Climate Change & Offsetting

Recently I watched a program that casts some serious doubts over many corporations claims that they are green or carbon neutral. A couple of years ago it was Avian Flu that was going to decimate half the world’s population, before that it was SARS that was going to be the biggest killer of them all. Now it’s global warming and climate change – you can understand why there might be detractors.

Although there is no doubt that global warming is happening, I can’t see it as being the catastrophic disaster that the media is portraying it to be – simply because they’ll sensationalize any bit of bad news to make more money.

Nothing quite sells like bad news. Telling people “You are all going to be worse off! Find out why by buying our newspaper”. It’s a sure fire winner.

Anyway, climate change is now the buzz word and even the people living under rocks will be aware of it (you may have heard them comment that rocks are not like they used to be).

Never too far behind to miss a trick to make more money, many corporations are now jumping on this green bandwagon to give their corporate image that fluffy happy look. To be “carbon neutral” is the big thing. To leave the smallest possible “carbon footprint” is the goal.

The theory is (or I would assume that this is how the board meetings at the various companies went) that because society has been whipped up into a hysteria about global warming they will immediately gravitate to companies claiming to be doing everything in their power to stop it.

Just to spell out just how much BS there is out there with all these companies claiming to be eco-friendly and carbon neutral, here are some case studies that should make you think and hopefully realise that it’s all just a marketing scam.

Case Study One: Switch To A “Green” Electricity Provider

This is a great corporate scam dreamt up by some of the energy companies who must be laughing all the way to the bank. The marketing says this:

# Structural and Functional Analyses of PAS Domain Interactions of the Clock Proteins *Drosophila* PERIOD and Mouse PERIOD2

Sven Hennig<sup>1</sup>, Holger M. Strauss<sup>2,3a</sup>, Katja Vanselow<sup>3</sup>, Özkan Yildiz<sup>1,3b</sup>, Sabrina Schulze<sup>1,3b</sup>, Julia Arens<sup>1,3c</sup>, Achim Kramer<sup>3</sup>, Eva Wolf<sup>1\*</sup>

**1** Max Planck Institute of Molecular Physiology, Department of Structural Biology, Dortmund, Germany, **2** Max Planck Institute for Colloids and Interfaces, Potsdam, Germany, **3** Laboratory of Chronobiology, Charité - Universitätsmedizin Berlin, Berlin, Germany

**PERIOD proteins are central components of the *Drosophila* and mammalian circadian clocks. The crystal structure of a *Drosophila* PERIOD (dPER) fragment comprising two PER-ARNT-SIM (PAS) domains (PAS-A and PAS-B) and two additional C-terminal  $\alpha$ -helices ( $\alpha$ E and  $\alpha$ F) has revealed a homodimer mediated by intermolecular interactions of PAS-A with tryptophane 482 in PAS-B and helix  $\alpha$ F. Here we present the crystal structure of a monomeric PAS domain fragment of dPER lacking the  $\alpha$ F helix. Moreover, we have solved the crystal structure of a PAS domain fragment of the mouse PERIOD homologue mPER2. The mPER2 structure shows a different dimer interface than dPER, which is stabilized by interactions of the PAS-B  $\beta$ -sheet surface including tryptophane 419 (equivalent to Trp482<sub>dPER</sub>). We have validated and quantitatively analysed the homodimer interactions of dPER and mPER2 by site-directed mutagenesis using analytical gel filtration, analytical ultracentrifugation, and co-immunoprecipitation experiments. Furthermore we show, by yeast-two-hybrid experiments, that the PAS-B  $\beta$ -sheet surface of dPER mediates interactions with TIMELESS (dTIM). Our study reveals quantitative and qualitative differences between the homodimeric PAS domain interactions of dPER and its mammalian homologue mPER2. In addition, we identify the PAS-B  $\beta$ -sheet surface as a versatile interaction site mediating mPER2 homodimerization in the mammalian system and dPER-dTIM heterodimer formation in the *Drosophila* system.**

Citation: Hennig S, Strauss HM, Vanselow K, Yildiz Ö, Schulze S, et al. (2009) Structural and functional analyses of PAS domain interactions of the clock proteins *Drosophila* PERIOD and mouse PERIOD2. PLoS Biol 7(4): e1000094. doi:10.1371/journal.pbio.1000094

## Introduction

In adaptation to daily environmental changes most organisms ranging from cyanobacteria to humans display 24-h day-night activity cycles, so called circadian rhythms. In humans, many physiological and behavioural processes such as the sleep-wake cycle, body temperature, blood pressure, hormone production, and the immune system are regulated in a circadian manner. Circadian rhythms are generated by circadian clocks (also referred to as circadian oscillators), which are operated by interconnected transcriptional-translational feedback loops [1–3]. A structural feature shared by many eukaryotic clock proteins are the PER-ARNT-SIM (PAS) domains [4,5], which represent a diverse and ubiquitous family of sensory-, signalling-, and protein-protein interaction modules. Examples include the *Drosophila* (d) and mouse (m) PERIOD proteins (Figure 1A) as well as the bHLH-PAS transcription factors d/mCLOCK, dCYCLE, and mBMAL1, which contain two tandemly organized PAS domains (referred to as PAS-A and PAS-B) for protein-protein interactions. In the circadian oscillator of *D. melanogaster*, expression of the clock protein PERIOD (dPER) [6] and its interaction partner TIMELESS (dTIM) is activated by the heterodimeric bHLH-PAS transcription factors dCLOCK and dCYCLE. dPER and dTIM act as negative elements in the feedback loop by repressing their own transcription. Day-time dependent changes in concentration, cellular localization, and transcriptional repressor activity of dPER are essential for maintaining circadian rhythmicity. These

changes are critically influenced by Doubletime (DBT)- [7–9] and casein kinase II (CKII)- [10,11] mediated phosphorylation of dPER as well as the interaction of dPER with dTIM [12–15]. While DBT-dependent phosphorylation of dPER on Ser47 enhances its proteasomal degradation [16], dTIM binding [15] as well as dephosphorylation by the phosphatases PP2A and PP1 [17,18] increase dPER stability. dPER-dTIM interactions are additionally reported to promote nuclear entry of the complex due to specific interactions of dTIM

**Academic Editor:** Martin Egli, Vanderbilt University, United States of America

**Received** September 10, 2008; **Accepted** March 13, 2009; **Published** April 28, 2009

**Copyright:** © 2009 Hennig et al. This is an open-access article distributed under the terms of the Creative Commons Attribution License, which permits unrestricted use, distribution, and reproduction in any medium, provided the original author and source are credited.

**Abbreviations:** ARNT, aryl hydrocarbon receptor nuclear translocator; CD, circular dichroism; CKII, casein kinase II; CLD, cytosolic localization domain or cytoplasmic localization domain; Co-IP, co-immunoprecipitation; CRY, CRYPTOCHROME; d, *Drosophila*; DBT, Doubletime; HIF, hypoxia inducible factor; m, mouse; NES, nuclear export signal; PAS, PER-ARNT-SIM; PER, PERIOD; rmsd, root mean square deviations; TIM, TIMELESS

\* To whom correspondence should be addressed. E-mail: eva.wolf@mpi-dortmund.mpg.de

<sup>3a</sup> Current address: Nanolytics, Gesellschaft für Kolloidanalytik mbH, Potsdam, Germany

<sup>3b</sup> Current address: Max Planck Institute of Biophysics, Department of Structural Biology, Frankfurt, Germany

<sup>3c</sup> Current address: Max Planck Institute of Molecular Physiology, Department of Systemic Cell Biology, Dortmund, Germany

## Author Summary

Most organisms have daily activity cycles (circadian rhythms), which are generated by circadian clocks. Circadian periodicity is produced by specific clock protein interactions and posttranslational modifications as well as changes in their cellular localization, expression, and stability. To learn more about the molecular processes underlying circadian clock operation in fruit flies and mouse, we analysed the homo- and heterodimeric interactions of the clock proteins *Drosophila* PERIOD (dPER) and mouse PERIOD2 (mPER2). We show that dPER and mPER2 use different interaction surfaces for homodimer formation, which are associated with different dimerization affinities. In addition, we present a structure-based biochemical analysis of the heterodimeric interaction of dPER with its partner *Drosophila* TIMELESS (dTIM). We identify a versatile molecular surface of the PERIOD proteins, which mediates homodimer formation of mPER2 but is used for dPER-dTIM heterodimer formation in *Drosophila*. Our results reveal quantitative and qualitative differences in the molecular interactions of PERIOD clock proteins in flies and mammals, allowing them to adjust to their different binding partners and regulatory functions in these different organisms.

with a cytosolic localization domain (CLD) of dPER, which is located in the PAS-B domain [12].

Signup to our new “GREEN” electricity plan and reduce your carbon footprint and help stop climate change and make the world a better place for future generations to come

(OK, I had my tongue in my cheek on the last bit about future generations, but the whole climate change sales pitch does revolve around taking action now to safeguard the world for future generations)

Right, so the “environmentally aware” sheeple who have all read about this evil climate change are prepared to do their bit. But here’s the clincher…they have to pay that little bit extra for their electricity because it comes from “green” sources and they are investing in future green projects.

Now this is the bit that gets really interesting…in the UK, the Government has made it law that every power company must invest a certain amount of money in renewable energy regardless. So these companies are not investing in green alternatives out of the goodness of their hearts, they are doing it because they are made to by law and they are passing the costs on to all the do-gooders out there who think they are making a difference. Crazy!

Some power companies are taking it to the next level by offering new customers the chance to sign on to their “green” plan for no extra cost. Again, these companies are required by law to invest in renewable energy, they are using the “look at us, we’re so great because we invest in green energy” marketing pitch to present a better corporate image.

Case Study Two: Buy A Tree…And Save The World

There is a big old furore about the cataclysmic and irreversible damage being done to the atmosphere by air travel. Hundreds of thousands of tonnes of CO2 being unceremoniously dumped into the upper atmosphere by aircraft engines year after year. Sounds frightening, right?

The total CO2 deposited into the atmosphere is around 2% of the total carbon emissions world wide. Kinda puts it into perspective, doesn’t it?

Well, several companies have unsurprisingly sprung forward promising to offset your heinous damage everytime you take a flight by planting a tree…in return for lacing their outstreched palm with pieces of gold.

Various companies will tell you that if you pay them money (sometimes hundreds of pounds if you are taking the 5 person family on holiday to Orlando) they will plant a tree for each person that flies and for each journey (so 5 people going to Orlando and back is ten trees).

Incidently, in the scientific and analytical method of determining whether a single tree will absorb enough CO2 in it’s lifetime to offset the CO2 you dumped into the atmosphere when you stepped on that plane it doesn’t matter if you took a flight from London to Edinburgh or from London to Sydney. A single tree will offset it. These are remarkable trees. Does anyone actually know how much CO2 a tree takes in in a lifetime? What if the tree dies after 2 years?

OK, in theory it all sounds fine and dandy. I can see the logic behind it. Planes make CO2, trees like CO2. Offset airtravel evils with tree goodness.

The problem arises because nobody is quite sure how polluting a plane travelling through the upper atmosphere is. Where some tree planting companies will give a low figure, other companies will give a much inflated figure. Which one is the user to believe?